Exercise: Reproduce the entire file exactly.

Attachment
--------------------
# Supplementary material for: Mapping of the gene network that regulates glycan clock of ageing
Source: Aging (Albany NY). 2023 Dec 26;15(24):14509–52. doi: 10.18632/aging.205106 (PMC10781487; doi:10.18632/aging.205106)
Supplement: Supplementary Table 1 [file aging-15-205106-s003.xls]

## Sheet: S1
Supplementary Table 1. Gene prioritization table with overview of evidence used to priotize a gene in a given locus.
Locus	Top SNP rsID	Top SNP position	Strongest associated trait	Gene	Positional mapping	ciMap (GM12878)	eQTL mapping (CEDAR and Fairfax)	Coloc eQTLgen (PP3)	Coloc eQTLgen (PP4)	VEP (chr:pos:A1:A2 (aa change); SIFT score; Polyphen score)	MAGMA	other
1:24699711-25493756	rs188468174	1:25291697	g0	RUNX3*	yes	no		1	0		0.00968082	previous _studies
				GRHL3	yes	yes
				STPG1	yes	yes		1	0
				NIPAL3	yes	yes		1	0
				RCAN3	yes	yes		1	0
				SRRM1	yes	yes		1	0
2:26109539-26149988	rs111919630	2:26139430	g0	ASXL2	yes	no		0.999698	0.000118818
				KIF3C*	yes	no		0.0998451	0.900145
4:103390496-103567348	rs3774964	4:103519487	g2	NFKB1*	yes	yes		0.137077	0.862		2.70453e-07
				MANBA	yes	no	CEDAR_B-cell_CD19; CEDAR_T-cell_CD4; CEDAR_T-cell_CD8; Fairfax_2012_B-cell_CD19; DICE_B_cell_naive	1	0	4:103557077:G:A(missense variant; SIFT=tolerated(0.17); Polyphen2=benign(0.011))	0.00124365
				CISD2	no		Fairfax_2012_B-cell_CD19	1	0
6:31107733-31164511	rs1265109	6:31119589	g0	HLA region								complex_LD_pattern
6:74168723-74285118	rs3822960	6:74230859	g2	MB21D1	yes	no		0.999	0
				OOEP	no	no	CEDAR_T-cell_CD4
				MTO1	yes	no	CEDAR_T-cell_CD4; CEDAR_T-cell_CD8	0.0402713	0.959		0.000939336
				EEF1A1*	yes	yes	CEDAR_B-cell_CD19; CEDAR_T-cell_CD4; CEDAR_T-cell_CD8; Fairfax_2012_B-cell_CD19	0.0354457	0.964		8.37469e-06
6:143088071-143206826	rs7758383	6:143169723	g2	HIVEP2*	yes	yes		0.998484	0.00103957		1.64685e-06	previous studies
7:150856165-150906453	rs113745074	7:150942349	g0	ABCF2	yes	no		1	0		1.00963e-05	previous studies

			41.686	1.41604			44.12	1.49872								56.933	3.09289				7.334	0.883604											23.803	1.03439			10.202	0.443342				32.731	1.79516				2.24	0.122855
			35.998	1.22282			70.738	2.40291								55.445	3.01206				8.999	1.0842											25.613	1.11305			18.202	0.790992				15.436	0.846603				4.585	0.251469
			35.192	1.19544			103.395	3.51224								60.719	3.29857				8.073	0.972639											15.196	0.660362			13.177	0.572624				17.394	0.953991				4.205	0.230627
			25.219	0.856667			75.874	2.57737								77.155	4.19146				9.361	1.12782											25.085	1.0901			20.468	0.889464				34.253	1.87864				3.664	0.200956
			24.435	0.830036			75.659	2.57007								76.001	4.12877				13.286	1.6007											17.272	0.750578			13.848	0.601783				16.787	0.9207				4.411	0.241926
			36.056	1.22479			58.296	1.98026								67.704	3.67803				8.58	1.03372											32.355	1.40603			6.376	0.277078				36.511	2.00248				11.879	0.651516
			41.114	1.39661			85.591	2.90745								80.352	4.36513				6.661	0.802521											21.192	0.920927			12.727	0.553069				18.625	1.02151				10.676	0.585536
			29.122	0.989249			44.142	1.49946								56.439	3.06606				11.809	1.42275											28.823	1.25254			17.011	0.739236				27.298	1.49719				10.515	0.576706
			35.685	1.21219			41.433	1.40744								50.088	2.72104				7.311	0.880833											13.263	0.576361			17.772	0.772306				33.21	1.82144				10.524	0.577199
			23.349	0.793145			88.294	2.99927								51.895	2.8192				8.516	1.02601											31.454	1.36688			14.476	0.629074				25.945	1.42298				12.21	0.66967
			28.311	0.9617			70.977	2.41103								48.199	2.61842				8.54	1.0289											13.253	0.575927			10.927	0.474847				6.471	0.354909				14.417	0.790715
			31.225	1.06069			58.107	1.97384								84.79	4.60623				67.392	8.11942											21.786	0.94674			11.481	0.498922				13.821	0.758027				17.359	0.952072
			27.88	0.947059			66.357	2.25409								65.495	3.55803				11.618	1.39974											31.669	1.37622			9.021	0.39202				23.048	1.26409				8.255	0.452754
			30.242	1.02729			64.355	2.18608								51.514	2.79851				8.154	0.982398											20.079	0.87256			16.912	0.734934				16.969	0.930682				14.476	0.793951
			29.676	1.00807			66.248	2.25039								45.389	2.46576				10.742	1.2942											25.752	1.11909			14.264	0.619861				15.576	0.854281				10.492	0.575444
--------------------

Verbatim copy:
# Supplementary material for: Mapping of the gene network that regulates glycan clock of ageing
Source: Aging (Albany NY). 2023 Dec 26;15(24):14509–52. doi: 10.18632/aging.205106 (PMC10781487; doi:10.18632/aging.205106)
Supplement: Supplementary Table 1 [file aging-15-205106-s003.xls]

## Sheet: S1
Supplementary Table 1. Gene prioritization table with overview of evidence used to priotize a gene in a given locus.
Locus	Top SNP rsID	Top SNP position	Strongest associated trait	Gene	Positional mapping	ciMap (GM12878)	eQTL mapping (CEDAR and Fairfax)	Coloc eQTLgen (PP3)	Coloc eQTLgen (PP4)	VEP (chr:pos:A1:A2 (aa change); SIFT score; Polyphen score)	MAGMA	other
1:24699711-25493756	rs188468174	1:25291697	g0	RUNX3*	yes	no		1	0		0.00968082	previous _studies
				GRHL3	yes	yes
				STPG1	yes	yes		1	0
				NIPAL3	yes	yes		1	0
				RCAN3	yes	yes		1	0
				SRRM1	yes	yes		1	0
2:26109539-26149988	rs111919630	2:26139430	g0	ASXL2	yes	no		0.999698	0.000118818
				KIF3C*	yes	no		0.0998451	0.900145
4:103390496-103567348	rs3774964	4:103519487	g2	NFKB1*	yes	yes		0.137077	0.862		2.70453e-07
				MANBA	yes	no	CEDAR_B-cell_CD19; CEDAR_T-cell_CD4; CEDAR_T-cell_CD8; Fairfax_2012_B-cell_CD19; DICE_B_cell_naive	1	0	4:103557077:G:A(missense variant; SIFT=tolerated(0.17); Polyphen2=benign(0.011))	0.00124365
				CISD2	no		Fairfax_2012_B-cell_CD19	1	0
6:31107733-31164511	rs1265109	6:31119589	g0	HLA region								complex_LD_pattern
6:74168723-74285118	rs3822960	6:74230859	g2	MB21D1	yes	no		0.999	0
				OOEP	no	no	CEDAR_T-cell_CD4
				MTO1	yes	no	CEDAR_T-cell_CD4; CEDAR_T-cell_CD8	0.0402713	0.959		0.000939336
				EEF1A1*	yes	yes	CEDAR_B-cell_CD19; CEDAR_T-cell_CD4; CEDAR_T-cell_CD8; Fairfax_2012_B-cell_CD19	0.0354457	0.964		8.37469e-06
6:143088071-143206826	rs7758383	6:143169723	g2	HIVEP2*	yes	yes		0.998484	0.00103957		1.64685e-06	previous studies
7:150856165-150906453	rs113745074	7:150942349	g0	ABCF2	yes	no		1	0		1.00963e-05	previous studies

			41.686	1.41604			44.12	1.49872								56.933	3.09289				7.334	0.883604											23.803	1.03439			10.202	0.443342				32.731	1.79516				2.24	0.122855
			35.998	1.22282			70.738	2.40291								55.445	3.01206				8.999	1.0842											25.613	1.11305			18.202	0.790992				15.436	0.846603				4.585	0.251469
			35.192	1.19544			103.395	3.51224								60.719	3.29857				8.073	0.972639											15.196	0.660362			13.177	0.572624				17.394	0.953991				4.205	0.230627
			25.219	0.856667			75.874	2.57737								77.155	4.19146				9.361	1.12782											25.085	1.0901			20.468	0.889464				34.253	1.87864				3.664	0.200956
			24.435	0.830036			75.659	2.57007								76.001	4.12877				13.286	1.6007											17.272	0.750578			13.848	0.601783				16.787	0.9207				4.411	0.241926
			36.056	1.22479			58.296	1.98026								67.704	3.67803				8.58	1.03372											32.355	1.40603			6.376	0.277078				36.511	2.00248				11.879	0.651516
			41.114	1.39661			85.591	2.90745								80.352	4.36513				6.661	0.802521											21.192	0.920927			12.727	0.553069				18.625	1.02151				10.676	0.585536
			29.122	0.989249			44.142	1.49946								56.439	3.06606				11.809	1.42275											28.823	1.25254			17.011	0.739236				27.298	1.49719				10.515	0.576706
			35.685	1.21219			41.433	1.40744								50.088	2.72104				7.311	0.880833											13.263	0.576361			17.772	0.772306				33.21	1.82144				10.524	0.577199
			23.349	0.793145			88.294	2.99927								51.895	2.8192				8.516	1.02601											31.454	1.36688			14.476	0.629074				25.945	1.42298				12.21	0.66967
			28.311	0.9617			70.977	2.41103								48.199	2.61842				8.54	1.0289											13.253	0.575927			10.927	0.474847				6.471	0.354909				14.417	0.790715
			31.225	1.06069			58.107	1.97384								84.79	4.60623				67.392	8.11942											21.786	0.94674			11.481	0.498922				13.821	0.758027				17.359	0.952072
			27.88	0.947059			66.357	2.25409								65.495	3.55803				11.618	1.39974											31.669	1.37622			9.021	0.39202				23.048	1.26409				8.255	0.452754
			30.242	1.02729			64.355	2.18608								51.514	2.79851				8.154	0.982398											20.079	0.87256			16.912	0.734934				16.969	0.930682				14.476	0.793951
			29.676	1.00807			66.248	2.25039								45.389	2.46576				10.742	1.2942											25.752	1.11909			14.264	0.619861				15.576	0.854281				10.492	0.575444